I was excited to run the Mini 10K again this year. First of all, it’s a 10K. I like 10Ks. I like them better than 5Ks and I think I like them better than 15Ks, although I have only ever run a 15K twice. My “regular” route is seven miles, so 6.2 feels not only doable, but short.
There’s a lot of cool history surrounding the Mini. It’s the world’s oldest all-female road race, created in 1972 by Kathrine Switzer and my close personal friend Nina Kuscsik, with the help of then NYRR president Fred Lebow. That inaugural race in 1972 had just 78 runners. Over the years, there have been some legendary competitors: both Grete Waitz and Tegla Loroupe have won it five times each. The fastest female marathoner in history, Paula Radcliffe, won in 2001. Deena Kastor won it in 2004, the last American winner for a decade until Molly Huddle claimed that honor for herself in 2014. Mary Keitany, a four-time winner of the NYC Marathon, won the Mini in 2015, 2017, and 2018.
This year’s Mini had 8886 runners. We’ve come a long way, baby.
While I don’t mind running alongside men, it’s cool running with only women – since men’s and women’s races are considered separate, running with only women means I am running with only those in direct “competition” with me (“competition” in quotes because it is absurd to think of myself as competing against Mary Keitany or Molly Huddle).
The race also served as the 2019 USATF Women’s 10K Championships, so the field boasted many professional names: Sara Hall (the eventual winner), Stephanie Bruce, Sally Kipyego, Emma Bates, Laura Thweatt, Aliphine Tuliamuk, Jordan Hasay, Deena Kastor (who I had just met the night before), and more. Spoiler: I saw none of them on the course.
I wasn’t sure I’d PR. My last 10K was October 2018’s Grete’s Great Gallop, which took place about three months into marathon training – I was in pretty good shape then. For today’s race, I was about six weeks out of marathon training and coming off a cold and few low mileage weeks. I had doubts as to whether I could best my 7:43 pace at GGG. In the back of my mind was the knowledge that if I could pull off a 7:34 pace, I would advance from corral D up to corral C. It seemed like a longshot. Let’s just say it was my “A” goal – the crazy one.
The weather looked good. Upper 60s, low 70s. Sunny, pleasant. The race start was at Columbus Circle, about three miles south of my apartment. I’d considered jogging down as a warm-up but ultimately decided I didn’t want to warm up for three miles, so I just took the 1 train down to 86th Street and headed to Central Park on foot from there. It was two miles to the starting area. I jogged it nice and easy with some strides at the end.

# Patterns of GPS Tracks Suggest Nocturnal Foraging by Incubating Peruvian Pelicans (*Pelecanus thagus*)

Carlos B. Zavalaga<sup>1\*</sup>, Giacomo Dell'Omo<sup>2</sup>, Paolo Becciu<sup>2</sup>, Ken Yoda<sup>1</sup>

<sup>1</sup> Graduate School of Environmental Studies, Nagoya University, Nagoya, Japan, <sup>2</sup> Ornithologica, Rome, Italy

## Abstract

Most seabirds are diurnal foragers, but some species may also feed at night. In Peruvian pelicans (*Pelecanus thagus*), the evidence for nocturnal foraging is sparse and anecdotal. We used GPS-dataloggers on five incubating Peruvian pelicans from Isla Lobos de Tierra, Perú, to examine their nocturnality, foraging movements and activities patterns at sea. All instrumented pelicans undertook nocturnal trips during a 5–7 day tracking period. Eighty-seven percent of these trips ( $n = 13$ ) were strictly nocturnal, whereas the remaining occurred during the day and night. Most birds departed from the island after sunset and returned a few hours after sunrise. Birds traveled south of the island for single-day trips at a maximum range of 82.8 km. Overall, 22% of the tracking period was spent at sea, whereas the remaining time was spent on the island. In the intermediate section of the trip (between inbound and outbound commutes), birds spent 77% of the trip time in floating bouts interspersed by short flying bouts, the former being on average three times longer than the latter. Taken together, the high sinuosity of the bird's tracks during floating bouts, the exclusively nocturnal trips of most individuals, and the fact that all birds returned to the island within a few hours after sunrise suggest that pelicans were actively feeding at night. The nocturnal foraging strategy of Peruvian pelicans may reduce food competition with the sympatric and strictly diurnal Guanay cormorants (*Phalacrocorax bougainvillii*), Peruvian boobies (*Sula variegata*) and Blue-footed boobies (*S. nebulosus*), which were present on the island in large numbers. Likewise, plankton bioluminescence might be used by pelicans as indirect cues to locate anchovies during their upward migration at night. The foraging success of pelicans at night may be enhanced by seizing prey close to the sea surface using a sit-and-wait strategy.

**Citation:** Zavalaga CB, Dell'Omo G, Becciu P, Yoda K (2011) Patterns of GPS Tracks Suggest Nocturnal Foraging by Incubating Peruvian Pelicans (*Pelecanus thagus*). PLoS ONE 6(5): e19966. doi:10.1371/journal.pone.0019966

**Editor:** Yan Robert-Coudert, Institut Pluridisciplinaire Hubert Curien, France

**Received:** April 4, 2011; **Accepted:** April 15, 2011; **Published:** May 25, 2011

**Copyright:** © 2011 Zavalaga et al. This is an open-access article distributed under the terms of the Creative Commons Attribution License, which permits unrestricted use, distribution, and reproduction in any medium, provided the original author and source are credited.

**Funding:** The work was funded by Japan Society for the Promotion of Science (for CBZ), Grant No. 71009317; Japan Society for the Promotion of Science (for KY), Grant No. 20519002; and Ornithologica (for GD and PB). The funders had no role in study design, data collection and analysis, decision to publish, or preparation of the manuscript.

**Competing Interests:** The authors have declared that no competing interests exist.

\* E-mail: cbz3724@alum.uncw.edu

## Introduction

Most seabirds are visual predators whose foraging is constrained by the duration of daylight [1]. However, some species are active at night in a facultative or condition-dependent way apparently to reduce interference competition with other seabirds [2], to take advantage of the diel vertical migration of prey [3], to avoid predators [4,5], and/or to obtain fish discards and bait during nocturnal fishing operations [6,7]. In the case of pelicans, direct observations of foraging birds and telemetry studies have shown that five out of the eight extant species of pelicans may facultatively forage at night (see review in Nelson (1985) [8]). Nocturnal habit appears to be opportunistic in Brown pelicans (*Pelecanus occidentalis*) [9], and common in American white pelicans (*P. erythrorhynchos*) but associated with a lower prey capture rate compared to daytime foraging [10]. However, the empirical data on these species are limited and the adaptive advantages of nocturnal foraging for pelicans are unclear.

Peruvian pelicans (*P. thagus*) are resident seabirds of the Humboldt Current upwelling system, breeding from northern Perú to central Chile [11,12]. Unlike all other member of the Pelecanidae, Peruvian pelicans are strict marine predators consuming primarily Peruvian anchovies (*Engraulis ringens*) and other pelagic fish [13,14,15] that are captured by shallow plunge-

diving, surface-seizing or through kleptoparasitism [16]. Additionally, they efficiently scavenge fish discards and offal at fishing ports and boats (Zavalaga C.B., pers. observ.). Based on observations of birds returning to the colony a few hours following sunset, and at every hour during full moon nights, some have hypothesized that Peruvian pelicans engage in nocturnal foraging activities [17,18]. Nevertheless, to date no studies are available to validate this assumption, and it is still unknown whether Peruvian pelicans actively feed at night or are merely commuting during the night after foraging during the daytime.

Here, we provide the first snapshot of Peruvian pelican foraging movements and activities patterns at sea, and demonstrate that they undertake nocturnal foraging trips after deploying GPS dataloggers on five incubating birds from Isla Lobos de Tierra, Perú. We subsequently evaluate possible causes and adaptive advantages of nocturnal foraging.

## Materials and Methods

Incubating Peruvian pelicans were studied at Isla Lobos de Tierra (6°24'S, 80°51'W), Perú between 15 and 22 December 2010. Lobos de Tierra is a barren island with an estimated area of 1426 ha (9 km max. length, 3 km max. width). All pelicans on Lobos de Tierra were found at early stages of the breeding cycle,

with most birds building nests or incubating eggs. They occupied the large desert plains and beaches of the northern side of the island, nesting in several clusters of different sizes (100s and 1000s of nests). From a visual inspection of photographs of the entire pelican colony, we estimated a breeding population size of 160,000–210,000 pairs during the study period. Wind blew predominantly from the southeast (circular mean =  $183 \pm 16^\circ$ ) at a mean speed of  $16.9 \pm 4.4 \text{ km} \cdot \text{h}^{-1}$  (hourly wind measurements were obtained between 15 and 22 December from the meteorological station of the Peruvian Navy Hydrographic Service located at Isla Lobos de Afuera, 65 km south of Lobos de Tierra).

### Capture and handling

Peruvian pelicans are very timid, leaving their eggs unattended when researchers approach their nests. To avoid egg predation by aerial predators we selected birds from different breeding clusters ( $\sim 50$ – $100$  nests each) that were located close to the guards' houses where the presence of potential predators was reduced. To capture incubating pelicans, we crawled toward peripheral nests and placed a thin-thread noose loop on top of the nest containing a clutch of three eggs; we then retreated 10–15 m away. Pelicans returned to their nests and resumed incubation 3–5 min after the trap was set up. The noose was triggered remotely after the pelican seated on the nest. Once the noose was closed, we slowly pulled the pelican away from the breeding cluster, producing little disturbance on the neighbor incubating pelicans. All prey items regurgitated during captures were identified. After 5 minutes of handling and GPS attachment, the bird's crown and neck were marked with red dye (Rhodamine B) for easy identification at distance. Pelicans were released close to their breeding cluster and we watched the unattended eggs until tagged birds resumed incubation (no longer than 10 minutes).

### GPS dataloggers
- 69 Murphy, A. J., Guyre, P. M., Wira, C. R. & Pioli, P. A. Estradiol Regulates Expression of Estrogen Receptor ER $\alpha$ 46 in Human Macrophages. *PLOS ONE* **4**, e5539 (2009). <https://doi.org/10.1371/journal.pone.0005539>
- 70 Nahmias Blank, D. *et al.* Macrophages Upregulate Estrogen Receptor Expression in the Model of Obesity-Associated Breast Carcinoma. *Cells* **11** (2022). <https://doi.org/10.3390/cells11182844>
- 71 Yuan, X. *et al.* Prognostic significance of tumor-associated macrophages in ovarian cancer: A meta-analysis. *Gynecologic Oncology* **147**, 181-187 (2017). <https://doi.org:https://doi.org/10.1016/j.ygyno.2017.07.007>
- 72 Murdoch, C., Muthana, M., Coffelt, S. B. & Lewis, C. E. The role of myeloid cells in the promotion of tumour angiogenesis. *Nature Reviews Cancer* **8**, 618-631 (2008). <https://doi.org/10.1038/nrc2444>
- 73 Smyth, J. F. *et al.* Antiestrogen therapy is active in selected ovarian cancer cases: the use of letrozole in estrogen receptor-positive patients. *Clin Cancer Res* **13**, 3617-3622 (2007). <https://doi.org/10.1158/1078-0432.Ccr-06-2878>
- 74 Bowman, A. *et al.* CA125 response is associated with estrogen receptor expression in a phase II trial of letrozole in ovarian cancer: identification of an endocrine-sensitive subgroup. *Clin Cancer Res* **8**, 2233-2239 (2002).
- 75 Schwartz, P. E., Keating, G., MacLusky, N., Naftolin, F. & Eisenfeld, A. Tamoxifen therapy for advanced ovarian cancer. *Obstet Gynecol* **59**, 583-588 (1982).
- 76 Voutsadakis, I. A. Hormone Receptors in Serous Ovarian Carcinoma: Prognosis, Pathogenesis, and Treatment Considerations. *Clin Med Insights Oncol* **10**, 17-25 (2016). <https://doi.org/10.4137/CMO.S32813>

Unbeknownst to me at the time, I’d already made a fatal mistake. Since I hate to have to pee during a race, I like to stop drinking water about an hour and a half to two hours before I run. This gives me enough time to make the necessary bathroom stops before I start.
Unfortunately, what I did this morning for some godforsaken reason was to stop drinking water an hour and a half before I left my apartment. I left my apartment at 6:45. The race started at 8:00. So I stopped drinking water and coffee at about 5:15, a full two hours and 45 minutes before the start of the race.
Big mistake. Big. Huge.
When I arrived, I was not yet aware of my error. I was just relieved I didn’t have to, well, relieve myself. I took some pics of the crowd, marveling at how many women were running this race. Most NYRR road races have about 5000 runners, total. This race had close to 9000 – all women.
I made my way to corral D (up front, of course, to be as close to the glory of C as I could) and noticed a few women had special bibs on their backs. I remembered that these were women who had run this race 15 times or more: “Crazy Legs,” they were affectionately nicknamed. One woman in front of me had run it 39 times. Thirty-nine times. I quickly did the math: assuming she had run it 39 times in a row (not necessarily, but let’s just imagine) that means she first ran it in 1980.
In 1980, I was six.
While waiting for the start, I met a fellow Harrier, Robin, who was running her 29th Mini! It was fun to meet a Harrier I hadn’t yet met as well as one who was such a great part of the history of this race.
There was a staggered start, which I like: the elites and corrals A through C start together. A few minutes later, corrals D through F get their start. And so on through corral L. Seeing that I was at the front of D, this meant I was one of the first to cross the start in my section – an exciting but also intimidating thrill.
The first mile had us heading up Central Park West. This is another part of the Mini I like. Instead of starting inside the park like many other NYRR races, they close Central Park West for us and we run straight up the avenue for about a mile and a half until 90th Street, at which point we turn into the park and run the loop clockwise – another strange twist, as most NYRR races in Central Park go counter-clockwise.
Here’s a nice pic of me and Robin as we made our way up CPW. (Race course photos courtesy of Gameface Media.)
I felt strong in this first mile. Not great, but good. Good enough. My plan was to keep it around 7:45-ish for the first mile or so and then see how much I could crank it up after the halfway point. I really did try to rein it in here, accidentally overshooting the pace here and there.
MILE 1: 7:33
A bit on the fast side. I purposely slowed down in mile 2 after seeing this split.
We entered the familiar Central Park loop in the second mile. My legs felt heavy. I kept checking my pace: 7:40s, 7:50s. I’d run 10Ks at about these paces before but didn’t remember it feeling this laborious. I was glad to slow down a bit here. There were some twists and turns in this mile; I tried sticking to the tangents. I braced myself for the upcoming hills.
My mouth was dry. This was not something I was accustomed to feeling in the second mile of a race. Not a great sign. We passed a water stop and I stupidly decided against slowing down to take some, assuming it wouldn’t be worth the seconds I’d lose.
Once again: big mistake.
MILE 2: 7:53
I wasn’t feeling great but, of course, if I saw a photographer I smiled. I’ve never appeared in a NYRR photo gallery – even with thousands of runners, they’ll usually only post 30 to 40 pics total, which I’ve never understood, unless it’s just a matter of server space? As a photographer myself, I know in these types of shoots I’m more likely to photograph someone smiling. So unless I’m feeling close to death, I smile.